Hiking in Norway in late fall can be a blissful thing, but under night's endless rural darkness, heavy winds and rain, you’re left with a test of stamina and determination, and that’s without carrying boards and equipment that’ll act as sails in the wind. We reached the top of the mountain after several hours hiking, looked down over the valley, and over totally flat ocean, with what seemed like heavy onshore winds and only some whitewater around a big boulder in the middle of the lineup. Did we miss a forecast update? Read it wrong? Did we just have too much faith in our spot-finding-skills? Having come this far though we decided to trek down the mountainside and eat our sandwiches before hiking back with our tails between our legs.

Down in the bay, between huge boulders and mountains, a small set began wrapping into the bay, breaking right off the rocks, just as we unwrapped the first sandwich. We rubbed our eyes as another set broke 5 minutes later, cutting the lunch break short and forcing Gony and Marlon to suit up and paddle for a couple of small and fun waves, rewarding themselves for the effort put in.

The first sets were small, but after surfing for about 15 minutes the outside cliffs spat out a massive spray, signalling an incoming set. Gony paddled in front for the outside, spun around and took off a bit late - just as surprised as us of the sudden set off properly sized waves. He put down five turns, kicked out, and saw Marlon already starting to slice up the next one. When he was finished in the shallows everything explodes into cheering, or rather more screaming.

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Steep and four hours deep.

Photography Hallvard Kolltveit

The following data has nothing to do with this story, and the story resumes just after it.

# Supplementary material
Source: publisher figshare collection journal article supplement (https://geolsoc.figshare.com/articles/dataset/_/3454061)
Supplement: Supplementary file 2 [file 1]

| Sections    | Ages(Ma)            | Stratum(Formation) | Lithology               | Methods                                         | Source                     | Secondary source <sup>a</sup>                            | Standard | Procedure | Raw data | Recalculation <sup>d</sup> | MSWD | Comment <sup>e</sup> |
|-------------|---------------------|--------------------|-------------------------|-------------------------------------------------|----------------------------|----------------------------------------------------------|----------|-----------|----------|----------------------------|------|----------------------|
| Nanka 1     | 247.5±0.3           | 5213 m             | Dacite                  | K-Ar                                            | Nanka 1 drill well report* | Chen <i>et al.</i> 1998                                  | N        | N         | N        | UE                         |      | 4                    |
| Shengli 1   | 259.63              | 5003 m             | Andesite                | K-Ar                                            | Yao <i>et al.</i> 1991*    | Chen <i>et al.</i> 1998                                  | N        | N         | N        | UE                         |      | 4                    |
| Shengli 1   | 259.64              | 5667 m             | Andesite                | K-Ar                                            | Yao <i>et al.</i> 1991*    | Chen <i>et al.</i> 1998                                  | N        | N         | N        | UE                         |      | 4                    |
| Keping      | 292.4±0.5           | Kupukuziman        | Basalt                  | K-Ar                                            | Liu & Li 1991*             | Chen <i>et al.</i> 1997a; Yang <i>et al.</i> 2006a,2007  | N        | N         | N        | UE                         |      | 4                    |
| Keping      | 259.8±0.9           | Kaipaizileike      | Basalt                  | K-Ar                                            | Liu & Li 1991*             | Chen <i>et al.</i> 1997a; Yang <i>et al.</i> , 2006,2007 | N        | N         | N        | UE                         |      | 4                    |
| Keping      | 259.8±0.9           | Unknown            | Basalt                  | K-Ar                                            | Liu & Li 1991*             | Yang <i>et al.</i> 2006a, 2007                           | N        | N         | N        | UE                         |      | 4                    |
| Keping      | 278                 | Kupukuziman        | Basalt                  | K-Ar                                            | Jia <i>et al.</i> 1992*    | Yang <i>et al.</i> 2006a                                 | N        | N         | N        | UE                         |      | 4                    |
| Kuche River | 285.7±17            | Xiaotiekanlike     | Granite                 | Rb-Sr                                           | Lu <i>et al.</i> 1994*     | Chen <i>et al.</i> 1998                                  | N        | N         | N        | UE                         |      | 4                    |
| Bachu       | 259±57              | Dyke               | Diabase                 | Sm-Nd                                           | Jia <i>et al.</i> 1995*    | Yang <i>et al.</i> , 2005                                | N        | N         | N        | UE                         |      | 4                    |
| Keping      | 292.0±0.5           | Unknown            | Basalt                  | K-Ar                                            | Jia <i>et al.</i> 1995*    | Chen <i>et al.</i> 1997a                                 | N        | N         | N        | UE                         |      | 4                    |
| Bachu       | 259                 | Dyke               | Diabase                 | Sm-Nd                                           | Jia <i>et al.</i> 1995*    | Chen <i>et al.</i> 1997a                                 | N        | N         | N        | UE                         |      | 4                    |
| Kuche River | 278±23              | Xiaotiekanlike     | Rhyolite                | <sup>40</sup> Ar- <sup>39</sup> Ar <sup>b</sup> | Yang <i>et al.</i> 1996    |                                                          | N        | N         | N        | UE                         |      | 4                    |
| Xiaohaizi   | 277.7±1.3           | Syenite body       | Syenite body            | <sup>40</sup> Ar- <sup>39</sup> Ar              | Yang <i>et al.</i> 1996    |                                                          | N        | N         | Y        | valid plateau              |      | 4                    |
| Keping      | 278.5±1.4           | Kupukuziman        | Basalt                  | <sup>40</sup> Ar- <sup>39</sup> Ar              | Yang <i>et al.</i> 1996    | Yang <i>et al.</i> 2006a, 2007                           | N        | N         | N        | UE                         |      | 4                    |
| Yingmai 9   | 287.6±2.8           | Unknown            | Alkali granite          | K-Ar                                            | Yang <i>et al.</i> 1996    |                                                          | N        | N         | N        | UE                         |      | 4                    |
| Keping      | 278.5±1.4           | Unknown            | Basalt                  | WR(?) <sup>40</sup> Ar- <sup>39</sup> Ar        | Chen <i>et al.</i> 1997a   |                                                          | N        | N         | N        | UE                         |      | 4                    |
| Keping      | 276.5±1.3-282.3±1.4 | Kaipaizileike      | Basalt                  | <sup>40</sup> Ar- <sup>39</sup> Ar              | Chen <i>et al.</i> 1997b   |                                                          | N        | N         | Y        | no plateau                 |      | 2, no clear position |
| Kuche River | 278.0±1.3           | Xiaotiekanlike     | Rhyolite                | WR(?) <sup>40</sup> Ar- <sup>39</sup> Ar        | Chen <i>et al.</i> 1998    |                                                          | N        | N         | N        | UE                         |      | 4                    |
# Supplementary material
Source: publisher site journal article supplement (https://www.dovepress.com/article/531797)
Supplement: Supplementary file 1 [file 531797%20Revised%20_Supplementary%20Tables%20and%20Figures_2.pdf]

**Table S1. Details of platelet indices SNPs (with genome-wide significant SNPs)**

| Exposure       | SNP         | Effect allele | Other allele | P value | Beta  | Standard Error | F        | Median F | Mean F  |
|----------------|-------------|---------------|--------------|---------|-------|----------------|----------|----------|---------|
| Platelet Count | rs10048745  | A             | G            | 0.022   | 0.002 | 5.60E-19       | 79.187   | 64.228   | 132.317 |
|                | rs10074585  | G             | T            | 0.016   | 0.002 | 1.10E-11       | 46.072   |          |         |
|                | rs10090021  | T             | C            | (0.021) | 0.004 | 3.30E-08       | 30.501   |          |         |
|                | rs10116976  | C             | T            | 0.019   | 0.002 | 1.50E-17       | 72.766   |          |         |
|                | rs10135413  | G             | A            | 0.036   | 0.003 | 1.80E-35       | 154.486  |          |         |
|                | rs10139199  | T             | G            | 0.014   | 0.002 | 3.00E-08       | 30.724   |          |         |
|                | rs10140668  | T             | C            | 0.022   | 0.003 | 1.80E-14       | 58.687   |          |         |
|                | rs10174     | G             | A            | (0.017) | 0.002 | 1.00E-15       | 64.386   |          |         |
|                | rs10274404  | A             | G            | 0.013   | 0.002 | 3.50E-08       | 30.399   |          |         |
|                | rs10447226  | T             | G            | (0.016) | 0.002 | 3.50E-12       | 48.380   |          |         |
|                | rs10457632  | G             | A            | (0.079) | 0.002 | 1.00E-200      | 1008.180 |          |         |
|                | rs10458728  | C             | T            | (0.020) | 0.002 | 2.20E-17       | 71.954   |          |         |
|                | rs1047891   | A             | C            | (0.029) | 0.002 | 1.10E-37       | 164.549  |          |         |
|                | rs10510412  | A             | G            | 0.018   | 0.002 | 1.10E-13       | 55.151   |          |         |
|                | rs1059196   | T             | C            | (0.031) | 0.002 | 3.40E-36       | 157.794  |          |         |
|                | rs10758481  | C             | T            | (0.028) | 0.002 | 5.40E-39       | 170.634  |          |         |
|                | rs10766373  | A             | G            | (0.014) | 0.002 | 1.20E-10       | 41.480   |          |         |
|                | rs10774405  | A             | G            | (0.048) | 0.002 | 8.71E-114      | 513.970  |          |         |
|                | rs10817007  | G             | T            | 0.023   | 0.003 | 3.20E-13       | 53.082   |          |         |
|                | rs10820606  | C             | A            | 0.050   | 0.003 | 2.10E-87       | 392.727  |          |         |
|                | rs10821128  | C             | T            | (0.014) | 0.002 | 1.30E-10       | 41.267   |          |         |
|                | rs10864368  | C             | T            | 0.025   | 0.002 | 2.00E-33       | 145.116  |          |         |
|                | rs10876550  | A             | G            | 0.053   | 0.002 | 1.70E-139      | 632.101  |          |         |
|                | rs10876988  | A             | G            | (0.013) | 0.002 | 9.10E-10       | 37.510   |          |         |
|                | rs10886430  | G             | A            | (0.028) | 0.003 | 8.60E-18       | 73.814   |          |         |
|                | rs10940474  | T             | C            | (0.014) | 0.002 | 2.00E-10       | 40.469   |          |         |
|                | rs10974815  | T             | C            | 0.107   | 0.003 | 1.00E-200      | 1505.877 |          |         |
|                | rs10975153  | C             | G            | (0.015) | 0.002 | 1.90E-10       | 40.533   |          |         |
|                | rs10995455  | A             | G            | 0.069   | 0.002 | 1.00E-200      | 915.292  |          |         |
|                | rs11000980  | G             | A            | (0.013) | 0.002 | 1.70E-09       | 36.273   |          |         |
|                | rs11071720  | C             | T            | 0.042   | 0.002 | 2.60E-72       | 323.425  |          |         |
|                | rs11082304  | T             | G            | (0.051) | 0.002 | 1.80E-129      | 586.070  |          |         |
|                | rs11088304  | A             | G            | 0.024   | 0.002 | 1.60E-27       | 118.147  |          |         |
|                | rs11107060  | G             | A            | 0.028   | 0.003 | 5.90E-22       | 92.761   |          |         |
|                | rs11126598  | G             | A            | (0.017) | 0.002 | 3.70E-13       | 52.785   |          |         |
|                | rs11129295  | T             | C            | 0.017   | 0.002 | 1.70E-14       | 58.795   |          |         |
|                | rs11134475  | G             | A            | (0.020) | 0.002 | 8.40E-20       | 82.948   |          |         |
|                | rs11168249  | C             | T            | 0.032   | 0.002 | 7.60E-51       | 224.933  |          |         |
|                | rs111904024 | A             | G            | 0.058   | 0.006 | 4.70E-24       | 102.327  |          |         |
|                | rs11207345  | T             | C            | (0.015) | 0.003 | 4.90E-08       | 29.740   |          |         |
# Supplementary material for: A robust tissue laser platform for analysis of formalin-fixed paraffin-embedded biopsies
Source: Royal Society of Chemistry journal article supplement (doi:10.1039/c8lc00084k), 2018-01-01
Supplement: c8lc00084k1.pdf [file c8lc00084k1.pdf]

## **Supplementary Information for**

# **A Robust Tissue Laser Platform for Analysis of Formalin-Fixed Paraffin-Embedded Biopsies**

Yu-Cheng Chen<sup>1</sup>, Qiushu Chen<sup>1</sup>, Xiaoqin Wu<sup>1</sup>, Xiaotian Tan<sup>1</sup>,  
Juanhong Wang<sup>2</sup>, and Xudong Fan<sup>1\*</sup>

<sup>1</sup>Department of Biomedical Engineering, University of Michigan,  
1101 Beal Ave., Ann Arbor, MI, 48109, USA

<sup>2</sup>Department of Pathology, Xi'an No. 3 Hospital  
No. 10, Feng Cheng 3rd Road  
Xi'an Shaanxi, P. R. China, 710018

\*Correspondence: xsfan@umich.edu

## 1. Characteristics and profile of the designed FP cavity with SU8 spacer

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A regularfooter's Norwegian playground.

Photography Hallvard Kolltveit
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Somewhere in the Norwegian Sea.

Photography Hallvard Kolltveit

After a four hour hike, a little rock dance on the cobblestone point was the least of their worries.

Photography Hallvard Kolltveit

The wave turned out to be a proper right-hander, offering enough for several maneuvers, though we were sure that with a little less water and a bigger swell, there would also have some big tube sections on offer. Gony and Marlon traded waves for two hours before the tide caught up with them and sent them in, cramped up and stoked out of their minds.

We stuffed our faces with the remaining crackers and began on the steep, wet and windy hike out of the bay. As we reached the top of the first plateau the ocean said goodbye with a final set of waves, telling us to come back a day not too long into the future.

Wet, tired and cramped up we carried ourselves back over the mountain, this time with the wind in our faces. Having made the previous trek in the dark, we now saw the immense landscape and the hills, cliffs and paths we had previously traversed, only to be amazed by our energy level and determination in the morning. We ended up hiking about 20 kilometres up and down the wet terrain, and it was a 18 hour mission in total, surfing making up two of those.

We finally reached the car and began the long drive home, while getting our heads around what just happened. The spot probably has a narrow swell window and turns on every second full moon. We knew we had just struck a big pot of gold and that we were probably never going to experience anything like it ever again.

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How many hidden European gems grace Norway's sprawling coast?

Photography Hallvard Kolltveit
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"Wet, tired and cramped up we carried ourselves back over the mountain, this time with the wind in our faces."

Photography Hallvard Kolltveit